Writing is challenging, but participating in our workshops is easy and free.

BWW participants get together for ongoing Workshops and Discussions of individual works in a variety of genres at Burlington, Montpelier and Middlebury.

Here’s a 10-step guide on how the Burlington Writers Workshops (BWW) work.

  1. Join Burlington Writers Workshop.
  2. RSVP to a BWW workshops. We use EventBrite as our platform for hosting events, so sign up for as many as you like. They are typically limited to twelve participants. If the workshop you want to attend is full, please be sure to get on the waiting list. Spots open up all the time.
  3. Read the work scheduled for discussion. The files for each upcoming workshop are usually available at least a week in advance and can be found here or on the events Online Attendee page (EventBrite will send you a link to it when you register for the workshop). If you have any problems finding, downloading or opening the files, please contact your workshop leader.
  4. Regarding Sensitive Material: Sometimes, our workshop writers submit material that deals with sexuality, violence, racist characters, war, trauma, and other potentially “triggering” subject matter. You are encouraged to preview the work and avoid any workshop that offends your sensitivities or muster up the courage to attend and share those feelings as part of the feedback. Your comments are always welcome and the choice to attend is always yours. BWW tries to provide writers with an open and unrestricted forum that encourages absolute freedom of expression and exploration.
  5. Download and print the files for each workshop you plan to attend.  Your markup and written comments (explained below) are provided to the submitting author after the discussion of their work has completed. This provides a valuable collection of reference material for the writer.
  6. Read the submitted work. Prose submissions are limited to 20 double-spaced pages. Poets will typically submit no more than 3 poems per session. Read and write your comments and reactions in the margins and in between the lines as you see fit.
  7. Provide your response. Please type and print your response, though if handwriting is your only option, that’s fine, too. Bring it along to share with the author.
  8. What should a good response contain? Comment on what works well. Point out the parts that resonate with you. Then, with tact, respond to the elements of the piece that didn’t work so well. But remember: These responses aren’t supposed to be judgments. They’re supposed to give the writer an idea of how the piece affects you. The BWW in general follows the principles spelled out in this essay: “On Giving Feedback.”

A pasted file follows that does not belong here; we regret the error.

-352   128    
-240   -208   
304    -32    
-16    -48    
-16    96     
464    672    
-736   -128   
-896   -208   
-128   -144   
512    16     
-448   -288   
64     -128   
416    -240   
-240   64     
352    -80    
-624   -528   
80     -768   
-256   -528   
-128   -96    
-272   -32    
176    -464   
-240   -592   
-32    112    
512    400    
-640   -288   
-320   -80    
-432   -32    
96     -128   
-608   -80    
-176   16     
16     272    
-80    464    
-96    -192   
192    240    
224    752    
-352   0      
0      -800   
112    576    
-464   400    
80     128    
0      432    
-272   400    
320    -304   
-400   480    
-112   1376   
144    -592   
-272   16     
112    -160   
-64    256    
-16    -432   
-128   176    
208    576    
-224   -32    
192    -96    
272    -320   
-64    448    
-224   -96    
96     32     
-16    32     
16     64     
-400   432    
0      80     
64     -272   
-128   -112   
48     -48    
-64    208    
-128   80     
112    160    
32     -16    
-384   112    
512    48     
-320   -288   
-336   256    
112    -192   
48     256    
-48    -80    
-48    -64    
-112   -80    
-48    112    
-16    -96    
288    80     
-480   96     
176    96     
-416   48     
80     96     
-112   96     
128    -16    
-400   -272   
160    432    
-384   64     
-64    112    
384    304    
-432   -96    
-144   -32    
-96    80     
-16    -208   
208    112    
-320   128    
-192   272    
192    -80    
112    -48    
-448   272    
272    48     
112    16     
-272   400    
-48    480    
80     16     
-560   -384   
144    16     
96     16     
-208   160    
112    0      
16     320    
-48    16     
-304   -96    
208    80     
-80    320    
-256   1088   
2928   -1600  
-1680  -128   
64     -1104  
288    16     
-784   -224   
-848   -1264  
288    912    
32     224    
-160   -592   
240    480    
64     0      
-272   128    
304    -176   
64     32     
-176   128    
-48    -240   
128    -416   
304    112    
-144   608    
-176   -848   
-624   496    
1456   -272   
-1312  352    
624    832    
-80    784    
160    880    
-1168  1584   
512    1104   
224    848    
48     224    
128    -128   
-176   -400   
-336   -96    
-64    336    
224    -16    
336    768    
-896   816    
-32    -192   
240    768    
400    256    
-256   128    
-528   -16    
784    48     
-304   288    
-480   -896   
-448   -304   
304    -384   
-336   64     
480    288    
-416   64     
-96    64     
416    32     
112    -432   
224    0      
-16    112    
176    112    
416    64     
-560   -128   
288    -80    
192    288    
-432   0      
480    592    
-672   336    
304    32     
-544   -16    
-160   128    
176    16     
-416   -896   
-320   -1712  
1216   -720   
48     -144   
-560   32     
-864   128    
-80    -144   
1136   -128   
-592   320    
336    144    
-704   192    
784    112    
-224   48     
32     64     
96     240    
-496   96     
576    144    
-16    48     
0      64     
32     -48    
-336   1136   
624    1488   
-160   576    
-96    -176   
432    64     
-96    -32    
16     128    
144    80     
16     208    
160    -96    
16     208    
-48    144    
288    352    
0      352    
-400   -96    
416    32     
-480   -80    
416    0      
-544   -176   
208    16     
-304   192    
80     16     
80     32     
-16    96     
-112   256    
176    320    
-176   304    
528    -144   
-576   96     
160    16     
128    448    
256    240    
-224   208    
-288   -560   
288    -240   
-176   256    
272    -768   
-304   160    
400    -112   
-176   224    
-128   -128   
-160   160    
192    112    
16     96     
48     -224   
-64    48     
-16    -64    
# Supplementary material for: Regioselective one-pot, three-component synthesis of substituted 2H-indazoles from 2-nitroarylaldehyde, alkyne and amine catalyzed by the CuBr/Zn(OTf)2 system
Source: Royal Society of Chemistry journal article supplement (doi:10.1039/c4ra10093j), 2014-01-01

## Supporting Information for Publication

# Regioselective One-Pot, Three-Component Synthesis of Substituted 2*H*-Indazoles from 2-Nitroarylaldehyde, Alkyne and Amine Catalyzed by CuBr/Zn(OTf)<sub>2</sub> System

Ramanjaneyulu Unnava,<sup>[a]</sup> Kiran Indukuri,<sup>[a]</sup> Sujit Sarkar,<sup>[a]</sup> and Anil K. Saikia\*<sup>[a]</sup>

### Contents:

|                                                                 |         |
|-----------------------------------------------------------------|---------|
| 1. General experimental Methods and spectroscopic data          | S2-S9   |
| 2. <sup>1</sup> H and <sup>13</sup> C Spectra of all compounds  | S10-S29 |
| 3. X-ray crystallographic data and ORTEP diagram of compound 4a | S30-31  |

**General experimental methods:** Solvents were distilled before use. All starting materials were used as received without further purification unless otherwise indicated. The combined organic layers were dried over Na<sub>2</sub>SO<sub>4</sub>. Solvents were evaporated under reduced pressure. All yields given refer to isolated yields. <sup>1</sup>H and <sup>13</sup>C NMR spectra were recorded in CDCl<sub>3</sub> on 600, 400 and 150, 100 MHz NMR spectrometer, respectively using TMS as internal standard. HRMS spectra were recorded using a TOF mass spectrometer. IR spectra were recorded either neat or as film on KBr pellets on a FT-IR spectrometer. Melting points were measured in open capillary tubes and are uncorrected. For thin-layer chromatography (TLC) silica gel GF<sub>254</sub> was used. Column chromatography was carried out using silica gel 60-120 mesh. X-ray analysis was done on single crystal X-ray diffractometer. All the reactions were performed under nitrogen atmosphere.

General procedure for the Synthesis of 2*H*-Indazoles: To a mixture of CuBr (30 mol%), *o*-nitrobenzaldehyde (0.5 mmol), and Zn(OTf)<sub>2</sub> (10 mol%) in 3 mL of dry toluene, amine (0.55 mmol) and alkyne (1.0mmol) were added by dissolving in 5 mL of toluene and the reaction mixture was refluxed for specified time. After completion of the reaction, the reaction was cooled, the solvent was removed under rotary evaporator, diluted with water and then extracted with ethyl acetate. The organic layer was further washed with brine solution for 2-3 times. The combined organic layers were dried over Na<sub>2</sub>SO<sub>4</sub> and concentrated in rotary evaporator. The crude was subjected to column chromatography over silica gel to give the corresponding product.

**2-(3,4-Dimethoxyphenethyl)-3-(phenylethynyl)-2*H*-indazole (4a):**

9. Discuss live. Plan on talking with your scheduled workshop participants about what you’ve read. The author does not participate in this discussion. They are placed in an imaginary glass box, able to only listen to what is said  without entering into the discussion. Feel free to ask questions, disagree with your fellow participants, and build on things other people say. It’s intellectually stimulating for you and for the writer!
  10. Learn more about good discussion techniques here.

You’re on the schedule and you need  to post your writing. Here’s how you post it:

1.  Format your files correctly.  Good examples are this template for prose and this template for poetry. Limit 20 pages of prose or three poems unless instructed otherwise by the workshop leader. Note: We ask that you put at the top of your submission any trigger warnings that may be necessary. Survivors of traumatic experiences, such as sexual abuse or war, may need a warning before diving into your piece. Trigger warnings are not invitations to disregard a piece of writing; we believe this is a fair way to make everyone feel safe.

2.  Post your files on this pageDo this at least 7 days before your workshop so that the participants have a week to read your work.

If you have questions, please contact us. We’re looking forward to meeting you!

Note: while most of our workshops follow the MFA model where a writer submits work for feedback by peers, we do experiment with other formats. The Saturday Fiction Craft Workshop (also called Reading Like A Writer), Poetry discussions and occasionally traditional workshops lacking submissions, all require prior reading. These files are also posted on this page. Source material for other groups, like the Tuesday night Lit group, the occasional podcast or improv groups are linked on the workshop page.

We’re always open for new ideas. The path to leadership is through the workshops. contact us.